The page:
5 good reasons to document your investment proposition
David Hazelton, head of Business Development at Raymond James, points to five good reasons why advisory firms should have robust documentation of their investment philosophy as well as their investment management and advice processes
A properly documented investment proposition can be a powerful tool. While some of the financial advisers I meet are well ahead in this area, many do not have a properly documented investment process which I find strange as there are many good reasons to do this. Maybe the reason for this is that they’re not clear on the benefits or are not sure how to do it. If this is you maybe we can help?
So let’s start with the benefits. A properly documented investment proposition can:
• Differentiate you from your competitors
• Give greater clarity and control over your investment process
• Potentially generate enhanced returns for clients
• Help evidence suitability
• Increase the value of your business in the event of a sale.
Hopefully that’s enough to convince you there’s benefit in dedicating the time!
So the start-point is for you to define your investment philosophy – what you believe in. From there you can develop your investment management and investment advice process, which will then link to the clients’ objectives and deliver an investment solution that meets their needs.
What do you believe in?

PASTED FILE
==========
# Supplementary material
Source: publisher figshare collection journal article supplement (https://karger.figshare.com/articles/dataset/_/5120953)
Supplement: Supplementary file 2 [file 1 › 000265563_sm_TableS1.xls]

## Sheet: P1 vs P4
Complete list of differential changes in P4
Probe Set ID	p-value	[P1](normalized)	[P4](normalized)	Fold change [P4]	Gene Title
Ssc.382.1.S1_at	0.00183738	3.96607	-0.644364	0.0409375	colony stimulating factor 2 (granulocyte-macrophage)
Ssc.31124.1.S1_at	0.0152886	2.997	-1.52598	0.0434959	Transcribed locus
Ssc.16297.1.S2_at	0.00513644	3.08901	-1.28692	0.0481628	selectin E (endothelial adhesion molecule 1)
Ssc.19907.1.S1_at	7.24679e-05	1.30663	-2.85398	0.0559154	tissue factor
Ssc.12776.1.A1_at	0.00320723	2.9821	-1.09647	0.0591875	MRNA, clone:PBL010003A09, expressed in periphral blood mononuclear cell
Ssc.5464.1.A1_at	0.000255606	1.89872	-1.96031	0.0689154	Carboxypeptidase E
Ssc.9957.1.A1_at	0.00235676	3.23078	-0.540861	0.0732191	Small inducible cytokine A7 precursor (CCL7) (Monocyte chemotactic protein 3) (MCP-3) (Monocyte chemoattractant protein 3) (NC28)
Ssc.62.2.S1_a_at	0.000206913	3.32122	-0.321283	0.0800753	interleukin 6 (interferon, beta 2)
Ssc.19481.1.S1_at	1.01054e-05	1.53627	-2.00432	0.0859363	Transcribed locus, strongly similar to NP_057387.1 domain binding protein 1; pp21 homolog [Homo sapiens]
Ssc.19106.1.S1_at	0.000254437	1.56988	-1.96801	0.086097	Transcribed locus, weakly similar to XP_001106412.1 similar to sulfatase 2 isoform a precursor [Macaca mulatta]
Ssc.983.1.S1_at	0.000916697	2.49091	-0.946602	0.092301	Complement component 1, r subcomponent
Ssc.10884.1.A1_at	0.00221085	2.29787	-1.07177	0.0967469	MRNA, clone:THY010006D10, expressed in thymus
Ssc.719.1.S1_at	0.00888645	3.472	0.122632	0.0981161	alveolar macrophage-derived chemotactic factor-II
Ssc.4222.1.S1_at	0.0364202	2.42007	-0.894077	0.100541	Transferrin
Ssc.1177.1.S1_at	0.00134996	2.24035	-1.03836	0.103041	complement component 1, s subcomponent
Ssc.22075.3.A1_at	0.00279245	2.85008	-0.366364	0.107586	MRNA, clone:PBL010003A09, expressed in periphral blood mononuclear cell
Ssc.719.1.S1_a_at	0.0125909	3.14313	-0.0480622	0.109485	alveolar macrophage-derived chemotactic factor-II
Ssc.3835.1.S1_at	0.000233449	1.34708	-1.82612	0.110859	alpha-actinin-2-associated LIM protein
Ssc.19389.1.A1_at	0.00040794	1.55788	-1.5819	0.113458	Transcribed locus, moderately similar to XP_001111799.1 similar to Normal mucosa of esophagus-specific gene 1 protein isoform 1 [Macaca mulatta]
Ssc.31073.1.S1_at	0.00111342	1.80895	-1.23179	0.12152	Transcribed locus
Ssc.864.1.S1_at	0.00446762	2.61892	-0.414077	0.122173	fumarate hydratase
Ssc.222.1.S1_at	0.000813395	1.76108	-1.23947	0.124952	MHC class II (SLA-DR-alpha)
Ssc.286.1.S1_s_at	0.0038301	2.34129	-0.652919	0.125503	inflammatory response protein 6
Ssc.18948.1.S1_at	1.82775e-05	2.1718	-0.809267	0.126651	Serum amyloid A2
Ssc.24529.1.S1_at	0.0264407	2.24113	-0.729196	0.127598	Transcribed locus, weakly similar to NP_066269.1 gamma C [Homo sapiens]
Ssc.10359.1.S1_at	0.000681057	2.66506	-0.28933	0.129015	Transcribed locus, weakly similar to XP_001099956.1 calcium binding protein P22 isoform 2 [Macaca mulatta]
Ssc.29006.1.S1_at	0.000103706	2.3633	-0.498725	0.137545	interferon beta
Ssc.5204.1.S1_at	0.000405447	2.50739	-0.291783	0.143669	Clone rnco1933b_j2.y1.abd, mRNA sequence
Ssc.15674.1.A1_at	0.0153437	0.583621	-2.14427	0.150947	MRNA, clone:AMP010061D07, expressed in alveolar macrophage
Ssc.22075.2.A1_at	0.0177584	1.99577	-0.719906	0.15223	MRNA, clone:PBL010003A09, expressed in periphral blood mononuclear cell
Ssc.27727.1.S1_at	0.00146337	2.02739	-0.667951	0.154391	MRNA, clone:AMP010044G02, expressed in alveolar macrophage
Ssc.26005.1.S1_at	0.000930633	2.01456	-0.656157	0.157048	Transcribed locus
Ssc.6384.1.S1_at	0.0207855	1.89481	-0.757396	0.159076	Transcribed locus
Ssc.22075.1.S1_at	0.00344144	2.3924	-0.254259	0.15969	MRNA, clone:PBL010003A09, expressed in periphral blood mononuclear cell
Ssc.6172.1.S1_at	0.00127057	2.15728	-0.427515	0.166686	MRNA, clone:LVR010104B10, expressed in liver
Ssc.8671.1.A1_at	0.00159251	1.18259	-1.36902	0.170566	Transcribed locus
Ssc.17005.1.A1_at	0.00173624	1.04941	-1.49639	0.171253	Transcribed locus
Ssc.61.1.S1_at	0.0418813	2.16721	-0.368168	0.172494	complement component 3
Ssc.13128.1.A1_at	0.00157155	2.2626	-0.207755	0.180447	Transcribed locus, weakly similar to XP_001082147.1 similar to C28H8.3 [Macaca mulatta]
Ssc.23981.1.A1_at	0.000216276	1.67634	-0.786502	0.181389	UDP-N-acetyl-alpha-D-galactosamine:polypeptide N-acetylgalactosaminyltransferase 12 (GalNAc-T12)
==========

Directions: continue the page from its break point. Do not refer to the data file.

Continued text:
There are various questions to ask. What are the long-term drivers of growth in markets; value or growth, large cap or small cap? What are the benefits of diversification and how will you achieve this for various types of clients? This question leads to the definition of asset classes – what are they and how to access them? Do you believe in active or passive investment management or maybe a mix of the two where it is appropriate?
International exposure is interesting. On the one hand there are diversification benefits and the possibility of accessing faster growing markets, but on the other hand there are currency risks to factor in. Market correlation also becomes a key factor to consider when investing internationally – developed markets are generally more closely correlated than emerging markets, so it’s important to get the right mix to ensure the best possible risk adjusted returns.
Do you believe it is possible to time markets to enhance returns, or do you believe in efficient markets? What’s your approach to large cash investments – should they be invested in one go, or drip-fed into the markets?
Finally, what about tax and charges? Does the tax tail in fact wag the investment dog, or is taxation a secondary consideration? Where clients hold more than one tax wrapper is there an opportunity for tax optimisation? Could holding different asset types in different wrappers increase post-tax returns? And what about the impact of charges? Have you considered the equity-risk premium and the level of excess return equity investments need to achieve to exceed the ‘risk-free’ returns available? There is no point taking the extra risk of investing in equities if the excess returns are wiped out in charges!
No doubt you will have thought through some or all of these issues, but it’s really important that these are written down and you have evidence to back up your views. The first pass might not be the finished article, but don’t worry about this. Most wealth managers I speak to are always finding ways to improve their process. This core document can be used for a variety of purposes; a short version for clients, a longer version for introducers and clients that require a greater level of detail, and it could become the template for an investment committee. You never know, it might be useful to share it with the regulator if ever they come calling!